Question 4: How should the records be sorted?
As you may already know, FileMaker stores records in the order they are entered, but you can sort them pretty much any way you like.
It’s normal to think that your data has some kind of “natural” sort order, and to forget to answer this question. It’s usually not too complicated to answer, but often forgotten.
When you’re thinking about this question, don’t forget that you may want to sort by more than one thing. For example, if you’re asking for a report of Invoices, sorted by Customer, consider how you’d like to sort invoices for the same customer. By invoice date? By due date?
It’s easy enough to sort data by multiple attributes. We can sort ascending, descending or a custom order. For each thing you want to sort by, though, consider whether, if you have more than one row with the same value, the order of those similar items also matters.
Question 5: How should the records be grouped or summarized?
So now we have the right records, from the right table, showing the information we need in the order we want.
Up to this point, we can still think of this report as just a list. We have rows (the records we found), columns (the fields we’re showing) and a sort order.
To make this list into something that we’d think of as a “report”, we’ll want to group the records, and find out something about those groups.
Grouping is where we put a header, and show all the records for that header. Summarizing is where we show totals, averages, counts, and so forth. For example, you might have a report of invoices. You want them sorted by Customer, then by Due date, with a count of the invoices and the total due for each customer. That might look something like this (this isn’t pretty, but just to make the structure clear):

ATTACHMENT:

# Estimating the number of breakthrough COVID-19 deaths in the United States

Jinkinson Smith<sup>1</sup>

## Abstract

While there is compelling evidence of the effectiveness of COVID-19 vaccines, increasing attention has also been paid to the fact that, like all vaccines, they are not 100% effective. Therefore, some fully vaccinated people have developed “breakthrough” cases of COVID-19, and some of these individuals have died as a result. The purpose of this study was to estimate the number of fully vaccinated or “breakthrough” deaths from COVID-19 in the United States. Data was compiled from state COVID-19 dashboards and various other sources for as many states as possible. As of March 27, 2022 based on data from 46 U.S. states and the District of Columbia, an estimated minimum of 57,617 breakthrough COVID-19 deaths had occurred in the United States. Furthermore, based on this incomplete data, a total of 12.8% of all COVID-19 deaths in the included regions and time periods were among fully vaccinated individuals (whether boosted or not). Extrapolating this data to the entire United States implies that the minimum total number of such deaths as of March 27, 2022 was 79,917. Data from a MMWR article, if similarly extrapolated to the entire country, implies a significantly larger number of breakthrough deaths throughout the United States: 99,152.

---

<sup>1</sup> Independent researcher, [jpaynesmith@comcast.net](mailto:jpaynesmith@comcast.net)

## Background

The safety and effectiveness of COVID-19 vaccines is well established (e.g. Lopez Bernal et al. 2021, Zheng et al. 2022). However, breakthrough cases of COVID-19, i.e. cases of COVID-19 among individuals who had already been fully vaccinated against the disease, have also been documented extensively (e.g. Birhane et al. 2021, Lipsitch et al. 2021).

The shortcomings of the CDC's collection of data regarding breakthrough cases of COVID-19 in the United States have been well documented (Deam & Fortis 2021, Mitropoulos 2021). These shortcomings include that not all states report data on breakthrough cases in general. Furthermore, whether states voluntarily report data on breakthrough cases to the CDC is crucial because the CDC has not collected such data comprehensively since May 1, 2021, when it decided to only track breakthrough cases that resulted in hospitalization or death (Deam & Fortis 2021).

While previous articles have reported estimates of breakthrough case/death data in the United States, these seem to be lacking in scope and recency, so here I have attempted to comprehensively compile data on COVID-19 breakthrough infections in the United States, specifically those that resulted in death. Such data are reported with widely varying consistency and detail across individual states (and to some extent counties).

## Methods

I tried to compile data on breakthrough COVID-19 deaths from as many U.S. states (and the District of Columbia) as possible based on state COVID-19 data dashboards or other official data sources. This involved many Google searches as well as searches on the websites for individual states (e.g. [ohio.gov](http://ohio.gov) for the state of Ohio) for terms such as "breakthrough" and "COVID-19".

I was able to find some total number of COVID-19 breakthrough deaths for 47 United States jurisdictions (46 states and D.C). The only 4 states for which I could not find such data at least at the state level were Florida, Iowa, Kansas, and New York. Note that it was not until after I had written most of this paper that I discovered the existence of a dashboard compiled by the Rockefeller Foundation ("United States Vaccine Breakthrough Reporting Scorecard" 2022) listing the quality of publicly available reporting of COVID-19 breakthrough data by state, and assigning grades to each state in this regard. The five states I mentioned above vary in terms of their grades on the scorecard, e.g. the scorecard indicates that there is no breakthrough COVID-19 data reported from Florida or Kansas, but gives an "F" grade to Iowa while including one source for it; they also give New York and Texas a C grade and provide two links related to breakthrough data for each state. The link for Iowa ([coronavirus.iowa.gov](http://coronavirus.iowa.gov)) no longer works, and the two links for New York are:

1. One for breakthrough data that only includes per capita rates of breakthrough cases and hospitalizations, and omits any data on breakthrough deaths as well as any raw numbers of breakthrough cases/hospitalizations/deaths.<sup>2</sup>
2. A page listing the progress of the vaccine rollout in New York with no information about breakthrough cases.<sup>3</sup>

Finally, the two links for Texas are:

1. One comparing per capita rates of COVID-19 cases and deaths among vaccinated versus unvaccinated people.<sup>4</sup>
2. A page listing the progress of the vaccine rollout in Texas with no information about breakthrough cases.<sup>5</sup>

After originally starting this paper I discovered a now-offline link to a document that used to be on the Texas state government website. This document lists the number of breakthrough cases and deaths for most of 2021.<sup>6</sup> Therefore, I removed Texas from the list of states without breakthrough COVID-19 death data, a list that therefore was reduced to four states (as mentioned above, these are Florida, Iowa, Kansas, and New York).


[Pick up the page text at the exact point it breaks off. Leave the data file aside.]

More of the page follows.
Invoice 1 $100
Invoice 4 $50
Invoice 7 $20
Invoice 12 $18
Total Customer A ( 4 Invoices): $188
Invoice 15 $150
Invoice 54 $30
Invoice 68 $25
Invoice 77 $200
Invoice 102 $108
Total Customer B ( 5 Invoices): $513
Grand Total: $701
The example above is “grouped by” customer and then date, and “summarized by” customer, with a count and a total due.
Also notice that there’s a “grand total” below the last customer. If you want this, don’t forget to mention it! I’d usually include a grand total as a matter of course, but sometimes it’s not obvious whether a grand total is relevant for a given report.
If you answer the five questions above about your desired report, chances are a developer can create that report for you without coming back to you with more questions. If you’re a FileMaker developer creating a report yourself, I’d still recommend pausing for a moment to answer these questions for yourself.
If you use these questions to think about what it is that you’re trying to get onto your report, you’ll make sure you don’t forget anything, or miss erroneous assumptions. Also, you may find that variations on the report are also useful. A good developer can give you those variations, often by asking the users, when they run the report, which variation they’d like. For example, you may want to run that report above by customer then date, but it also may be useful to see it by date then customer. You may want to find those invoices by date range, but it also may be useful to run essentially the same report, but only for invoices in a particular status. While you may start off looking at the report only one way, thinking through these questions may expose opportunities for slicing and dicing your data in ways that you hadn’t thought of, to give you even more useful information.
Tags: For Clients, For Developers, For Potential Clients